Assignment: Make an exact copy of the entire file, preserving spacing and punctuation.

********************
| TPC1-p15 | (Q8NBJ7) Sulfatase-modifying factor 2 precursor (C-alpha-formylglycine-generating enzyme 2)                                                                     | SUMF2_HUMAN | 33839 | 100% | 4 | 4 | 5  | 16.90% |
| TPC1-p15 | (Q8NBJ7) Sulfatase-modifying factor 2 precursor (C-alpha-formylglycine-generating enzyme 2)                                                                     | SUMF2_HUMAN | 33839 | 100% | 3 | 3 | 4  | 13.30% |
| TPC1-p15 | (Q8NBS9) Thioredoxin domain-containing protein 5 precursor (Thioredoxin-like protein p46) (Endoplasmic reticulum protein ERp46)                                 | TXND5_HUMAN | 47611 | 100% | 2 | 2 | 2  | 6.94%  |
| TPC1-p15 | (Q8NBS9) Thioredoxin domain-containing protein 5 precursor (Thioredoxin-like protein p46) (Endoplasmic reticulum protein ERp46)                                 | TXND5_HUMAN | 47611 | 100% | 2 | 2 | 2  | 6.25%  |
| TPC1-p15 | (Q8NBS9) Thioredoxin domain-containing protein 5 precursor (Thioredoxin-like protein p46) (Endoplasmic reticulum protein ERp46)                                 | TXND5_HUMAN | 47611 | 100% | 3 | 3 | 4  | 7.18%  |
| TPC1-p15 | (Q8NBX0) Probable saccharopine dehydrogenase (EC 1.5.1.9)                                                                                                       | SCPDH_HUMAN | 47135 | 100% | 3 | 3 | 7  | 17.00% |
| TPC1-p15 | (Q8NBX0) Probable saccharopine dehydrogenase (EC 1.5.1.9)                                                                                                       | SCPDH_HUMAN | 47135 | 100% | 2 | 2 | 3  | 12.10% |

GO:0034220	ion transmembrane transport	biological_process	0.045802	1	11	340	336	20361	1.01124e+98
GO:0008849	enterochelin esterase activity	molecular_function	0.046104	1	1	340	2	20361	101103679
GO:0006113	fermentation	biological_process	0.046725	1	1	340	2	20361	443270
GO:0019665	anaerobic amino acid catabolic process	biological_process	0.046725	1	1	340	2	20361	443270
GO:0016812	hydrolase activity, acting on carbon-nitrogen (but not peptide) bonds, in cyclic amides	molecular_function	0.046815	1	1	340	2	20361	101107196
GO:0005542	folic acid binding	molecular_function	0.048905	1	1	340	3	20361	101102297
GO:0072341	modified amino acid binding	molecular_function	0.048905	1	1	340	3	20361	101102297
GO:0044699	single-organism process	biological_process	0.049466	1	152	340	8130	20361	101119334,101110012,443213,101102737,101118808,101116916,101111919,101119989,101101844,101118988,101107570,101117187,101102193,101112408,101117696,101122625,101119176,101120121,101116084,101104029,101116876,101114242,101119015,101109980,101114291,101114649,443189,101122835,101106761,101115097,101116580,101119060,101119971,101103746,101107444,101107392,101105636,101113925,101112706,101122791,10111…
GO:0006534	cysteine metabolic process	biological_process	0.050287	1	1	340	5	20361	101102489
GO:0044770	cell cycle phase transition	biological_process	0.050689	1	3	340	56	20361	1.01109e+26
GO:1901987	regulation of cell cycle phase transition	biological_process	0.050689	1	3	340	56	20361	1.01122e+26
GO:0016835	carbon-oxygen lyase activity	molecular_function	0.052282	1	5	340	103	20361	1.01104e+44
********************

| TPC1-p15 | (Q8NBJ7) Sulfatase-modifying factor 2 precursor (C-alpha-formylglycine-generating enzyme 2)                                                                     | SUMF2_HUMAN | 33839 | 100% | 4 | 4 | 5  | 16.90% |
| TPC1-p15 | (Q8NBJ7) Sulfatase-modifying factor 2 precursor (C-alpha-formylglycine-generating enzyme 2)                                                                     | SUMF2_HUMAN | 33839 | 100% | 3 | 3 | 4  | 13.30% |
| TPC1-p15 | (Q8NBS9) Thioredoxin domain-containing protein 5 precursor (Thioredoxin-like protein p46) (Endoplasmic reticulum protein ERp46)                                 | TXND5_HUMAN | 47611 | 100% | 2 | 2 | 2  | 6.94%  |
| TPC1-p15 | (Q8NBS9) Thioredoxin domain-containing protein 5 precursor (Thioredoxin-like protein p46) (Endoplasmic reticulum protein ERp46)                                 | TXND5_HUMAN | 47611 | 100% | 2 | 2 | 2  | 6.25%  |
| TPC1-p15 | (Q8NBS9) Thioredoxin domain-containing protein 5 precursor (Thioredoxin-like protein p46) (Endoplasmic reticulum protein ERp46)                                 | TXND5_HUMAN | 47611 | 100% | 3 | 3 | 4  | 7.18%  |
| TPC1-p15 | (Q8NBX0) Probable saccharopine dehydrogenase (EC 1.5.1.9)                                                                                                       | SCPDH_HUMAN | 47135 | 100% | 3 | 3 | 7  | 17.00% |
| TPC1-p15 | (Q8NBX0) Probable saccharopine dehydrogenase (EC 1.5.1.9)                                                                                                       | SCPDH_HUMAN | 47135 | 100% | 2 | 2 | 3  | 12.10% |

GO:0034220	ion transmembrane transport	biological_process	0.045802	1	11	340	336	20361	1.01124e+98
GO:0008849	enterochelin esterase activity	molecular_function	0.046104	1	1	340	2	20361	101103679
GO:0006113	fermentation	biological_process	0.046725	1	1	340	2	20361	443270
GO:0019665	anaerobic amino acid catabolic process	biological_process	0.046725	1	1	340	2	20361	443270
GO:0016812	hydrolase activity, acting on carbon-nitrogen (but not peptide) bonds, in cyclic amides	molecular_function	0.046815	1	1	340	2	20361	101107196
GO:0005542	folic acid binding	molecular_function	0.048905	1	1	340	3	20361	101102297
GO:0072341	modified amino acid binding	molecular_function	0.048905	1	1	340	3	20361	101102297
GO:0044699	single-organism process	biological_process	0.049466	1	152	340	8130	20361	101119334,101110012,443213,101102737,101118808,101116916,101111919,101119989,101101844,101118988,101107570,101117187,101102193,101112408,101117696,101122625,101119176,101120121,101116084,101104029,101116876,101114242,101119015,101109980,101114291,101114649,443189,101122835,101106761,101115097,101116580,101119060,101119971,101103746,101107444,101107392,101105636,101113925,101112706,101122791,10111…
GO:0006534	cysteine metabolic process	biological_process	0.050287	1	1	340	5	20361	101102489
GO:0044770	cell cycle phase transition	biological_process	0.050689	1	3	340	56	20361	1.01109e+26
GO:1901987	regulation of cell cycle phase transition	biological_process	0.050689	1	3	340	56	20361	1.01122e+26
GO:0016835	carbon-oxygen lyase activity	molecular_function	0.052282	1	5	340	103	20361	1.01104e+44